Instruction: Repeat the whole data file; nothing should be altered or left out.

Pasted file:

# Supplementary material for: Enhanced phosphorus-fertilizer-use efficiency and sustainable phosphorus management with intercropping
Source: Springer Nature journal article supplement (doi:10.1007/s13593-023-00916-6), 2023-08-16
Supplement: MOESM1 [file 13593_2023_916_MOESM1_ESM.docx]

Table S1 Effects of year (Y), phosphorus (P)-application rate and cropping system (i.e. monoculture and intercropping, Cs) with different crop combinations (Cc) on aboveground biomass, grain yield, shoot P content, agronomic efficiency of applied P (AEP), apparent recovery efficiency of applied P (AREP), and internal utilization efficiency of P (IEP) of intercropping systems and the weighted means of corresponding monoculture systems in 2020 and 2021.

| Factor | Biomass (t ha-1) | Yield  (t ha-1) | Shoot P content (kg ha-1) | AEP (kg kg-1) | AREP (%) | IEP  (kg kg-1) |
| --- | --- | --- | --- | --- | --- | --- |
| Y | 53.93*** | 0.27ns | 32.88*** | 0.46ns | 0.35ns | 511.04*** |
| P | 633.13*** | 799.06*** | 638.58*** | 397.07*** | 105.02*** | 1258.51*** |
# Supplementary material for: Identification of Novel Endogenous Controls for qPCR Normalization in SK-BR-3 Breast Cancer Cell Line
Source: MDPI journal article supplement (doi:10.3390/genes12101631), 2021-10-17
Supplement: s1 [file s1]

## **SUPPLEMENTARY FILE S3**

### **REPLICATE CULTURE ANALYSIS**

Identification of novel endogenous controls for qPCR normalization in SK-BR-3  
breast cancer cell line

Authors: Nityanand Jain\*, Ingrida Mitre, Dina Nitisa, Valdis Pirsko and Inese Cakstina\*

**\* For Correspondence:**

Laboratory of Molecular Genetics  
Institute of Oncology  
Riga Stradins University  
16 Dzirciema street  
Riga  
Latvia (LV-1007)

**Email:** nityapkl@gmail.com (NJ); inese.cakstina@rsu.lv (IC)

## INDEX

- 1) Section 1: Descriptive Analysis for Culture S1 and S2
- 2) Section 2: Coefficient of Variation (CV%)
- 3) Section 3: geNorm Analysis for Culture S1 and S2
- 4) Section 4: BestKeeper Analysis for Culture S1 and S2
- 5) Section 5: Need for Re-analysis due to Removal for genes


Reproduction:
# Supplementary material for: Enhanced phosphorus-fertilizer-use efficiency and sustainable phosphorus management with intercropping
Source: Springer Nature journal article supplement (doi:10.1007/s13593-023-00916-6), 2023-08-16
Supplement: MOESM1 [file 13593_2023_916_MOESM1_ESM.docx]

Table S1 Effects of year (Y), phosphorus (P)-application rate and cropping system (i.e. monoculture and intercropping, Cs) with different crop combinations (Cc) on aboveground biomass, grain yield, shoot P content, agronomic efficiency of applied P (AEP), apparent recovery efficiency of applied P (AREP), and internal utilization efficiency of P (IEP) of intercropping systems and the weighted means of corresponding monoculture systems in 2020 and 2021.

| Factor | Biomass (t ha-1) | Yield  (t ha-1) | Shoot P content (kg ha-1) | AEP (kg kg-1) | AREP (%) | IEP  (kg kg-1) |
| --- | --- | --- | --- | --- | --- | --- |
| Y | 53.93*** | 0.27ns | 32.88*** | 0.46ns | 0.35ns | 511.04*** |
| P | 633.13*** | 799.06*** | 638.58*** | 397.07*** | 105.02*** | 1258.51*** |
# Supplementary material for: Identification of Novel Endogenous Controls for qPCR Normalization in SK-BR-3 Breast Cancer Cell Line
Source: MDPI journal article supplement (doi:10.3390/genes12101631), 2021-10-17
Supplement: s1 [file s1]

## **SUPPLEMENTARY FILE S3**

### **REPLICATE CULTURE ANALYSIS**

Identification of novel endogenous controls for qPCR normalization in SK-BR-3  
breast cancer cell line

Authors: Nityanand Jain\*, Ingrida Mitre, Dina Nitisa, Valdis Pirsko and Inese Cakstina\*

**\* For Correspondence:**

Laboratory of Molecular Genetics  
Institute of Oncology  
Riga Stradins University  
16 Dzirciema street  
Riga  
Latvia (LV-1007)

**Email:** nityapkl@gmail.com (NJ); inese.cakstina@rsu.lv (IC)

## INDEX

- 1) Section 1: Descriptive Analysis for Culture S1 and S2
- 2) Section 2: Coefficient of Variation (CV%)
- 3) Section 3: geNorm Analysis for Culture S1 and S2
- 4) Section 4: BestKeeper Analysis for Culture S1 and S2
- 5) Section 5: Need for Re-analysis due to Removal for genes